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A Lot or a Little?
What you will—and won't—find in this movie.
There is no "better" version of you; you deserve to be happy just as you are. Friendship is valued, and women learn to trust their instincts and stand up for themselves. Some messages about class and wealth -- some characters are "Lowers" and some are "Uppers" (not every Upper has money, but they're afforded more consideration and respect in the movie's world), and it's said that the Lowers are treated very poorly. But viewers never see any Lowers and how they live, so the impact of these messages is limited.
Positive Role Models
Female characters have agency, fight hard to control their own lives but are opposed by larger forces, including family, social pressure, violent coercion. A character with a larger body type is exhorted to lose weight, but she says "I'm fine the way I am." Uma is basically forced to marry a man she hates, but resolution of her storyline is a bit more complicated than that.
Violence & Scariness
Pervasive sense of danger/unease. An element of sexual coercion, with Uma forced into what amounts to jail until she agrees to marry a man she hates; other students/inmates are held for various reasons including their weight, their emotional health. In movie's opening, Uma is told to "go upstairs" (presumably to have sex) and that a husband "shouldn't have to wait." She then lies on a bed, is praised for being obedient before a man climbs on top of her and is stabbed to death with a scalpel (blood is shown, but no wound or gore). In a fight, a man is stabbed, a girl is throttled. A plant attacks two characters; one is killed. Viewers see her face reacting as she's squeezed to death. It's said that one character's father took his own life; a limp arm on a bed is shown.
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Sex, Romance & Nudity
Both same- and opposite-sex kissing, including passionate kissing before a camera cuts away and characters presumably have sex. Spy cam footage later shows them entwined on a bed, embracing. A young woman is forced into marriage and told to "go upstairs" to have sex with her new husband (see "Violence" section). Longing looks/flirtation.
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Language is infrequent but includes "f--king," "ass," "s--t," "pr--k," "screwed."
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Drinking, Drugs & Smoking
Characters toast with champagne; no one acts drunk. A character who's presented as "cool" smokes cigarettes. Characters are unknowingly drugged and then sleep soundly, sometimes for extended periods.
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Parents Need to Know
Parents need to know that Paradise Hills is a sci-fi/fantasy movie about an upscale reform school where young women are transformed into obedient automatons. The main character, Uma (Emma Roberts), is imprisoned because she won't marry a man she hates. After her stay at the school, she consents and is basically ordered to have sex with her husband (though it doesn't wind up well for him). Viewers see a man climbing on top of a woman and praising her for being so pliable before he's incapacitated. Characters are also stabbed and throttled; one is killed, with blood on clothes but no gory wounds. Others are attacked by plants; a character's agonized face is seen. It's also said that a character's father committed suicide. There's both same- and opposite-sex kissing; the camera cuts away after two characters kiss, implying that they had sex. Toasts are made with champagne, a "good" character smokes cigarettes, and characters are unknowingly given drugs to make them sleep. Language includes "f--king," "ass," "s--t," "pr--k," and "screwed." This movie focuses on young women who are given agency and unique characters to play, but the story's muddled logic ultimately detracts from its messages about feminism, autonomy, power, and class. To stay in the loop on more movies like this, you can sign up for weekly Family Movie Night emails.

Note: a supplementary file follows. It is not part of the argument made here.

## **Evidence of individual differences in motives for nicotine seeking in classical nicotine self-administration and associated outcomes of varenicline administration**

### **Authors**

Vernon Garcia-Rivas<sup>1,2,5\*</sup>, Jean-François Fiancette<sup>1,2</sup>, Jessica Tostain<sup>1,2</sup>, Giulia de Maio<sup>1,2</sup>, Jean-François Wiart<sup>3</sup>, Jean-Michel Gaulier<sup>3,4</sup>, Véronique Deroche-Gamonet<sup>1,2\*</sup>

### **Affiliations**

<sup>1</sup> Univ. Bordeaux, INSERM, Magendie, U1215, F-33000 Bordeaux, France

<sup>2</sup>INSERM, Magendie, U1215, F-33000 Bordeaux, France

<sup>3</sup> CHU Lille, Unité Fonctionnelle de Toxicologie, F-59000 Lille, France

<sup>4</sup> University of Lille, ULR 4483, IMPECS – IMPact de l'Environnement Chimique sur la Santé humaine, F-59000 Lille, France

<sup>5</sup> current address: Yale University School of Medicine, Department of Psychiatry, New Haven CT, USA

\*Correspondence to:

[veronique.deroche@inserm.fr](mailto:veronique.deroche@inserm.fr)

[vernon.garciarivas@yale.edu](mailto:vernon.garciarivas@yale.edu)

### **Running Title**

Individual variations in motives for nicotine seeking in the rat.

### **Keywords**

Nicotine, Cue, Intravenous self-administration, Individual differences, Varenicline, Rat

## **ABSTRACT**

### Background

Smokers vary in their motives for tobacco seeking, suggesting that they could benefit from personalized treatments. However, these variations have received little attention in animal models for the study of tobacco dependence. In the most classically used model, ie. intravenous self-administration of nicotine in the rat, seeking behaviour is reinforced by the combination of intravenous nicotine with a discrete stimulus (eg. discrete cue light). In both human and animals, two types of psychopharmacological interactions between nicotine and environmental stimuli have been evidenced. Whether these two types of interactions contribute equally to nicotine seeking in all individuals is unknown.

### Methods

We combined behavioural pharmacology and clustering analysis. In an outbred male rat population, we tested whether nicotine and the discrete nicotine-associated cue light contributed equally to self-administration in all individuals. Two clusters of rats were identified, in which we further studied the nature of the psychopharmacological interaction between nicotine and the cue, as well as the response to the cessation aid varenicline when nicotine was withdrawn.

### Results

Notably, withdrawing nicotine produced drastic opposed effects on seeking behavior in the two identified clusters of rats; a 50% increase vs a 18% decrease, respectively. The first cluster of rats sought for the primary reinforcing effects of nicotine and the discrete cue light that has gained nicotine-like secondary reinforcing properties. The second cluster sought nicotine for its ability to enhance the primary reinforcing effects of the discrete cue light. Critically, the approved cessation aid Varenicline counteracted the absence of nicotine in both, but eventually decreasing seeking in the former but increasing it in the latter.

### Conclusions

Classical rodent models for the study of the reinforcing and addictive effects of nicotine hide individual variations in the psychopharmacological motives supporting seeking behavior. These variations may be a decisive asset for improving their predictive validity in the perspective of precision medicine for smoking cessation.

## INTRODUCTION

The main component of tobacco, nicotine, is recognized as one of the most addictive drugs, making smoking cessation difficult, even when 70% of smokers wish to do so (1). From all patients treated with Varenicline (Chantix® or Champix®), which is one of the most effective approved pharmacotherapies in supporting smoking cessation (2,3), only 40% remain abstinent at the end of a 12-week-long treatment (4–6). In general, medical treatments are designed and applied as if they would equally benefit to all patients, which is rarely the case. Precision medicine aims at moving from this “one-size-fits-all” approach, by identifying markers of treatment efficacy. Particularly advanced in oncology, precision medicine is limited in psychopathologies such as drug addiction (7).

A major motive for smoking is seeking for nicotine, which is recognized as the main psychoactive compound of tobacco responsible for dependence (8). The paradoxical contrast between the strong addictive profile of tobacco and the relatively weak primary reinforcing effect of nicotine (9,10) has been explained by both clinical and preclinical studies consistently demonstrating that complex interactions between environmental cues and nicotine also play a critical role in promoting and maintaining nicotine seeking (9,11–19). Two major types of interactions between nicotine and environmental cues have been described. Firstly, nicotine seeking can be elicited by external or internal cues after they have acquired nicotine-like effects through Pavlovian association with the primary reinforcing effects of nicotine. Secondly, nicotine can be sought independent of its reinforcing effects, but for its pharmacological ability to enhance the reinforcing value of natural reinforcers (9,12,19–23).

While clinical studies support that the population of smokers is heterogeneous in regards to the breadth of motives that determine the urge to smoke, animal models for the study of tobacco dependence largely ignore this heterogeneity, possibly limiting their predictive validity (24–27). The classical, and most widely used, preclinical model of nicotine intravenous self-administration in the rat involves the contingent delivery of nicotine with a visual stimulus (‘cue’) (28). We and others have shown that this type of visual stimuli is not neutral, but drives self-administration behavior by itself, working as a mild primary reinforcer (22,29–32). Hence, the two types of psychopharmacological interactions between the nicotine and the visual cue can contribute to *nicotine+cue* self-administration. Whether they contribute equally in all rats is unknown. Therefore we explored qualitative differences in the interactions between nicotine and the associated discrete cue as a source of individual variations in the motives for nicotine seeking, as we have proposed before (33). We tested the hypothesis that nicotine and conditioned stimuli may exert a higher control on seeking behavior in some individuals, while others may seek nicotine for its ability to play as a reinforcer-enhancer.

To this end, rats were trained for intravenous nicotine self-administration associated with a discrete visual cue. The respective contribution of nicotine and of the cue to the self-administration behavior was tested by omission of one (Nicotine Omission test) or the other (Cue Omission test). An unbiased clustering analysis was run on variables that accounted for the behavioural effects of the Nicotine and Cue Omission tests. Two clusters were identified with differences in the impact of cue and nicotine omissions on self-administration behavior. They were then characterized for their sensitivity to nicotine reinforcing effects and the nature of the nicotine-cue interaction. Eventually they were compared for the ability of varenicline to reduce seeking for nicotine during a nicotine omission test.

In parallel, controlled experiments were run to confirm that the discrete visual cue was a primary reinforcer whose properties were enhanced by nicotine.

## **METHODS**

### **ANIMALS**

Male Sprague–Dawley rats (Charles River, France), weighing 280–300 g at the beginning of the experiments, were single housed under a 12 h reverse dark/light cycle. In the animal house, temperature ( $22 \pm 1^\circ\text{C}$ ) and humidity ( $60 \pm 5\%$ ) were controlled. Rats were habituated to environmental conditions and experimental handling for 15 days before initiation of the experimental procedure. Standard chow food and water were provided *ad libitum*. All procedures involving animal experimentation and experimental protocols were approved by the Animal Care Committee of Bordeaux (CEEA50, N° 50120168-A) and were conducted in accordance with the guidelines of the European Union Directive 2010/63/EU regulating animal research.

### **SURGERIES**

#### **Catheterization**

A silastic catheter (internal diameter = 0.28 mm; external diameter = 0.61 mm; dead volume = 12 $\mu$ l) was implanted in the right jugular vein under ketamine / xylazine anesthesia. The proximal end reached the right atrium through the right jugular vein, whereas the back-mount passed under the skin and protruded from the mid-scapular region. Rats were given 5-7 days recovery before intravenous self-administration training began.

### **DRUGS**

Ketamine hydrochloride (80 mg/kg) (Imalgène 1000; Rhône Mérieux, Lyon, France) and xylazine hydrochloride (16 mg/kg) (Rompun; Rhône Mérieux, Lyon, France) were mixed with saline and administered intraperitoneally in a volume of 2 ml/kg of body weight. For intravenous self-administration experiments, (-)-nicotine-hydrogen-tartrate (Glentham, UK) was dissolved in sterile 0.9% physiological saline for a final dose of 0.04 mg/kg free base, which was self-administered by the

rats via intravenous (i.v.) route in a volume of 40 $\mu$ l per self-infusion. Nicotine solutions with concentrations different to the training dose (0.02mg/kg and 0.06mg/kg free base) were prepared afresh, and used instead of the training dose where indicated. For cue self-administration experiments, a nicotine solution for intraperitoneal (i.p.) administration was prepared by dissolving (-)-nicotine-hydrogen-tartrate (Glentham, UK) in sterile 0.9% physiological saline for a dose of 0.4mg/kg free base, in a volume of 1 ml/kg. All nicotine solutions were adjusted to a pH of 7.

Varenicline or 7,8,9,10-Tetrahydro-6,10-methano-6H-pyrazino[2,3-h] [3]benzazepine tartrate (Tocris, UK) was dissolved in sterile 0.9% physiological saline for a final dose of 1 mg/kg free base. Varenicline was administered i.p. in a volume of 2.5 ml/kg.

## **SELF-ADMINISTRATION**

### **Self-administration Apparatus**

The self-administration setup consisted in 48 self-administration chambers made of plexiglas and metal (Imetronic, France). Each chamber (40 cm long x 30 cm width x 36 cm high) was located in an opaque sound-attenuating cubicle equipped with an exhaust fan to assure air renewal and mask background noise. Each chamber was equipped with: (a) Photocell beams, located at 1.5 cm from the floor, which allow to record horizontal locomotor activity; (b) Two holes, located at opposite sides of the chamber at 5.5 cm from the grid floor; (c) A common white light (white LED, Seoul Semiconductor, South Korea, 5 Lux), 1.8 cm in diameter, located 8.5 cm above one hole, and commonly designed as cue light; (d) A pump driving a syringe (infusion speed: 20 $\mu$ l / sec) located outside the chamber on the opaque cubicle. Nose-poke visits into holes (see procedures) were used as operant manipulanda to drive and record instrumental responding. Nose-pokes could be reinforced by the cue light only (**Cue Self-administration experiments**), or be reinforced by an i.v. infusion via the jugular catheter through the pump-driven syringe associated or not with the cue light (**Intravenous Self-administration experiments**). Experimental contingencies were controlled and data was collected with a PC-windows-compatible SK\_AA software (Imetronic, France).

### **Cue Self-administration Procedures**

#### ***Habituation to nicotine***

Is It Any Good?
This movie is so eye-poppingly gorgeous and unusual that it will take you a while to notice that it doesn't make a lot of logical sense, but it's sure diverting to watch. "Girls in captivity" is an old setup that's been explored in particularly seamy detail in many vintage B exploitation films. But no girls' prison has ever looked like this one: In a Versailles-ish mansion surrounded by an Alice in Wonderland-esque rose garden, the Paradise Hills inmates languidly do floor exercises or submit to makeovers, clad in all-white uniforms that look like Edwardian bondage gear. They sleep soundly in rows of beds swathed with pink netting -- so very soundly, in fact, that Uma and Amarna soon get suspicious and wonder just what's happening to them at night while they do.
There's a hazy side plot about "Uppers" and "Lowers," the castes of the dystopian YA-like futuristic society in which these characters live -- as well as a few narrative twists that throw into doubt what viewers may have figured out by the film's final third. But the jumbled plot passes by pleasantly enough, not distracting from the movie's key pleasure: great young female actors in absolutely stunning costumes on a transcendently gorgeous set. It's not enough to turn this movie into a great one, but it's wild, weird fun while it lasts.
Did we miss something on diversity?
Research shows a connection between kids' healthy self-esteem and positive portrayals in media. That's why we've added a new "Diverse Representations" section to our reviews that will be rolling out on an ongoing basis. You can help us help kids by suggesting a diversity update.